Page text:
"True love" — could it be true?
Originally Published: June 2, 2000 - Last Updated / Reviewed On: June 3, 2013
Is there such a thing as "true love?" The reason I ask is that my observations of the world today indicate that there are more people getting divorced, getting cheated on, and breaking up than there are happy couples that are in love and stay in love. I mean, are humans mentally and physically capable of staying in love with someone and being faithful to each other?
If we base our idea of what true love is on fairy tales, we might think that finding prince charming or an enchanting princess and living happily ever after is the ultimate goal. But for most mortals, striving for such ideals is unrealistic, and may even leave us feeling unfulfilled or let down. The reality is that being and staying in love takes continual work and patience, even though this might not seem utterly romantic, in that storybook sense. Couples who have healthy relationships find ways of working together, and this in and of itself could be considered a sign of true love.
It's true that in many cultures, people who are "in love" create long-term partnerships and/or get married. We may hear of the high divorce rates, but lots of these couples do actually stay together. Yes, there are couples that have been married for 60 years and still feel passionately in love, and there are others who care deeply for one another even though the lust is gone (or maybe never existed!). Of course, sometimes we may not even want to hear about the happy, lovey-dovey couples because we're feeling romantically unlucky or lovelorn ourselves.
Keep in mind that the reasons why some relationships don't last are as varied as the different kinds of people we are; in many cases, the partners simply grow apart because they have grown and changed as individuals, and seek different, more fulfilling opportunities for love. If a particular couple "falls out of love," yet each partner goes on to seek a more satisfying love with another person, could this be an example of "true love" in action?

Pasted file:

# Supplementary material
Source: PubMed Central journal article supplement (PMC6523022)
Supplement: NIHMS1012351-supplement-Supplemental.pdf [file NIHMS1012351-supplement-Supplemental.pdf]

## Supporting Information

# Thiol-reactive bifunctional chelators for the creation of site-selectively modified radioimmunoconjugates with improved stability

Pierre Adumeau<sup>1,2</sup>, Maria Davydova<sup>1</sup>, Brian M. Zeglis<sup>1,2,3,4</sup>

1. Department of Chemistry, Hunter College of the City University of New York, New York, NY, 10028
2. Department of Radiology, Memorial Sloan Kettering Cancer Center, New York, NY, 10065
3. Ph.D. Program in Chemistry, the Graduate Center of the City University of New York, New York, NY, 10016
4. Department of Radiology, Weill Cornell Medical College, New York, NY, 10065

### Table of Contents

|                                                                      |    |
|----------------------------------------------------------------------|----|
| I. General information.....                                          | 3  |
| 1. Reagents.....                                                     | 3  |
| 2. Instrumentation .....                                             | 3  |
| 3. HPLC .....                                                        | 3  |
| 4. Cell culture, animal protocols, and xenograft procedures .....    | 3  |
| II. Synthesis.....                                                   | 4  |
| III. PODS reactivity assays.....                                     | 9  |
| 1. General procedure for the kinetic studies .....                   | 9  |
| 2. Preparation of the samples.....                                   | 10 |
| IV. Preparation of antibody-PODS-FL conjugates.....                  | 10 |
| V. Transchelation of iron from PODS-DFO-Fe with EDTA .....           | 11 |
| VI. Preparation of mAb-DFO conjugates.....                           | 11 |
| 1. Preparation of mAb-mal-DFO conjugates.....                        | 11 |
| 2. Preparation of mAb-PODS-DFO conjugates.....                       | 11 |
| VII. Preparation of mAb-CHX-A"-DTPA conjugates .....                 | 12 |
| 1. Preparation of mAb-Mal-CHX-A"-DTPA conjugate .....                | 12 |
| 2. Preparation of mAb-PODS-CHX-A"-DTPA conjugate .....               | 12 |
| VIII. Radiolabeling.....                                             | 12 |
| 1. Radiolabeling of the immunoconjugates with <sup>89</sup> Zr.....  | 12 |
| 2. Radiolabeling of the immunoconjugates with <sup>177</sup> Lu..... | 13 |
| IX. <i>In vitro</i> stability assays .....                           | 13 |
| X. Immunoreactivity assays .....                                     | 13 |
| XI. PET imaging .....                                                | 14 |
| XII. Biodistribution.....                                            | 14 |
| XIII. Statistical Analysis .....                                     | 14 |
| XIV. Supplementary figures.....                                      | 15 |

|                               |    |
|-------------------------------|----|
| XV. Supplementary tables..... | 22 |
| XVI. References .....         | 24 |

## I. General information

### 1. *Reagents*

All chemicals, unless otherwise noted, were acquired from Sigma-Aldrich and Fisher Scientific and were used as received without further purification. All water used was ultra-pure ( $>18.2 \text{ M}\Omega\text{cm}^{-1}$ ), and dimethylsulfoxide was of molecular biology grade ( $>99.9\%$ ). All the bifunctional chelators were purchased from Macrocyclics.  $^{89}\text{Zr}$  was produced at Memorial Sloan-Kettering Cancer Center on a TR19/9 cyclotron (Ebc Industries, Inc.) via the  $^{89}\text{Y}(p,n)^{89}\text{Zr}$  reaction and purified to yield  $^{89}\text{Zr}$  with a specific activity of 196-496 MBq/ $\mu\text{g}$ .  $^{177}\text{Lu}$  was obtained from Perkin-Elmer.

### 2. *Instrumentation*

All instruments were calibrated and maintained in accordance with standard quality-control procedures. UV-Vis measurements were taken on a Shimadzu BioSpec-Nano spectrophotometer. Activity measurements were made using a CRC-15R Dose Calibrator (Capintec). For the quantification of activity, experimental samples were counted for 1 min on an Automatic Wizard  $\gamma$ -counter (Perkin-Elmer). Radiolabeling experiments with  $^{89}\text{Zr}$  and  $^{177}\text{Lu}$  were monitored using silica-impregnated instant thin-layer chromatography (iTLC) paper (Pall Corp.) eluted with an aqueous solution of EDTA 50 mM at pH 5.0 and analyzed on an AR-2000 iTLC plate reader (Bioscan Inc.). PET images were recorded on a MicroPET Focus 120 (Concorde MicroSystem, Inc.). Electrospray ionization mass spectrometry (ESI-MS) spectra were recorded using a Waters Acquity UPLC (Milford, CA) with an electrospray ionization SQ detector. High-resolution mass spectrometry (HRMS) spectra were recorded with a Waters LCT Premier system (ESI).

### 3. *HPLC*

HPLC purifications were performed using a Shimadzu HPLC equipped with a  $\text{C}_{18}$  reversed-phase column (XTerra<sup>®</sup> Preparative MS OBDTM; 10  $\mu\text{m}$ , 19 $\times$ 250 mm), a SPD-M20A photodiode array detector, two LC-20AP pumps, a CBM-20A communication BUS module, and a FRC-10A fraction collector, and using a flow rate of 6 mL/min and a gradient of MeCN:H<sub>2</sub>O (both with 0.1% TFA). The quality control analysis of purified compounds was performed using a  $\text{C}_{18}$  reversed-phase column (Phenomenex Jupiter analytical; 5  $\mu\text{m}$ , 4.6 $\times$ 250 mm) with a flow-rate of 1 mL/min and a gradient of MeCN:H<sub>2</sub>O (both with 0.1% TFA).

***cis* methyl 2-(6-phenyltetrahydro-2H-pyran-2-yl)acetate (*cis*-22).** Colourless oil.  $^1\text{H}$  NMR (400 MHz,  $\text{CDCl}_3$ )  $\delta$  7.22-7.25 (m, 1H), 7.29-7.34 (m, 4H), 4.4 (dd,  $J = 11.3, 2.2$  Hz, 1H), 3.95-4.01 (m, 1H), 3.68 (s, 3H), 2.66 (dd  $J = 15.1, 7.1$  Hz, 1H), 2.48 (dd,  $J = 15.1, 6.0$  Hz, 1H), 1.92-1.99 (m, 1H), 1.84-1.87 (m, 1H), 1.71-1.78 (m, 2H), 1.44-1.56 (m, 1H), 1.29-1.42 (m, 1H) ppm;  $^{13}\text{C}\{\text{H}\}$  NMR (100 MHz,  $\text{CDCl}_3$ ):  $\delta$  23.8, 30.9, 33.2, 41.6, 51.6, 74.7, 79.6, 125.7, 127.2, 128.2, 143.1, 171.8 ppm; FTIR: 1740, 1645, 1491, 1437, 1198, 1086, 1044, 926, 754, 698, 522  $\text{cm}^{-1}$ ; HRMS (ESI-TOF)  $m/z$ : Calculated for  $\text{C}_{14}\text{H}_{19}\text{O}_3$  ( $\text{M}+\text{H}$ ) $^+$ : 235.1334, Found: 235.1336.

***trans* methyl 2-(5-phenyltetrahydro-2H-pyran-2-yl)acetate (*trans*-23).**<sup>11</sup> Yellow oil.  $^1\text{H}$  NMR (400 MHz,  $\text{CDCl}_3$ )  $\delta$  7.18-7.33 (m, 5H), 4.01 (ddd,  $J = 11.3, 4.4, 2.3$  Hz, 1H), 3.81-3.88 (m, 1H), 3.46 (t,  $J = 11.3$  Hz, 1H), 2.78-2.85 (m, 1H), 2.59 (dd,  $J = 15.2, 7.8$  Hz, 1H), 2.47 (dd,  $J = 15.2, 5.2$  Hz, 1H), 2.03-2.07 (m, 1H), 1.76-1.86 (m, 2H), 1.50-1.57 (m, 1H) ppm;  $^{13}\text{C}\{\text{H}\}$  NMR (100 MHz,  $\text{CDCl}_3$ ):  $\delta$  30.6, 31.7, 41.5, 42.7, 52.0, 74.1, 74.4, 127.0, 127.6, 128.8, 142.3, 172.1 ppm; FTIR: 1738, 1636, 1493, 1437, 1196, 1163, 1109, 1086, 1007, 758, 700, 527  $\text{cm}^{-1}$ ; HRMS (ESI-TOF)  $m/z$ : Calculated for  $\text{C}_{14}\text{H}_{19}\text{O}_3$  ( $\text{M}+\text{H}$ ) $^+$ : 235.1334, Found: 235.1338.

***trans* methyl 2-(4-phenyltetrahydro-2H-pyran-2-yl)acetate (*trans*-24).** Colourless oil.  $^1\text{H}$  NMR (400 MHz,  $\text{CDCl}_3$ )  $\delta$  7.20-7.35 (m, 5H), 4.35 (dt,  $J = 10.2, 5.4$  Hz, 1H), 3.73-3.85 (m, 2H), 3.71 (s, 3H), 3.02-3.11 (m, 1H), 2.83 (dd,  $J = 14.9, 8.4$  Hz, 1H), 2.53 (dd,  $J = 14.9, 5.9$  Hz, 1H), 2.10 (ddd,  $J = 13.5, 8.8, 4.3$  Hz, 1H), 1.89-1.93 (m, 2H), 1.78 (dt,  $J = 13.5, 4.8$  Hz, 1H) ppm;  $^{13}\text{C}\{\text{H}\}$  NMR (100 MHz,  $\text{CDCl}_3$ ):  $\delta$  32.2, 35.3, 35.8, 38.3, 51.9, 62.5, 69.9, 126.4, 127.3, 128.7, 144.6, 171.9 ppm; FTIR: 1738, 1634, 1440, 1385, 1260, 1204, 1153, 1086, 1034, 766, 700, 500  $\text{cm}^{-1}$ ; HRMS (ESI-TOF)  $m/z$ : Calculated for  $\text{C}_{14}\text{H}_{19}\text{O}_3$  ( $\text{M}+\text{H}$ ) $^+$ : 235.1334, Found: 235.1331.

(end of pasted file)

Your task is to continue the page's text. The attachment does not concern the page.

Love can also vary by degrees: some couples feel deeply intense and passionate, while others appreciate one another for intellectual reasons or admire one another's ambition, dedication, or creativity. When is the last time you read a fairy tale where the main characters appreciated each other's brilliant musicianship, eloquent writing, or compassion for humanity? (Well, maybe in Shakespeare's writings....)
Love is not an easily definable concept but it may be helpful to try to spell it out. A psychologist, Richard Sternberg proposed that love is the result of three components — intimacy, passion and commitment. The love is strongest when all three of these components are strong. John Lee proposed an alternate theory by identifying six styles (or colors) of love. How do you define love?
Perhaps, just for fun though, it might help to look at this elusive "true love" in another light. Look around you and see all of the expressions of love in our world: people devoting huge chunks of their lives for the human rights of others, people setting aside time to volunteer in their community, parents and caregivers protecting and nurturing their children and families, young people learning from and sharing things with their grandparents. Or, how about giving and receiving unconditional love to and from the animals in our lives?
So, are humans capable of staying in love? Sure they are, as there are lots of models around us of people who love and care deeply about one another. Some people follow the philosophy of "better to have loved and lost, than never to have loved at all." Instead of looking at all the heartaches around us, why not look to all of the examples of the different types of love in the world? Perhaps if we think of love as a broadly defined term, it's possible to see "true love" all around us.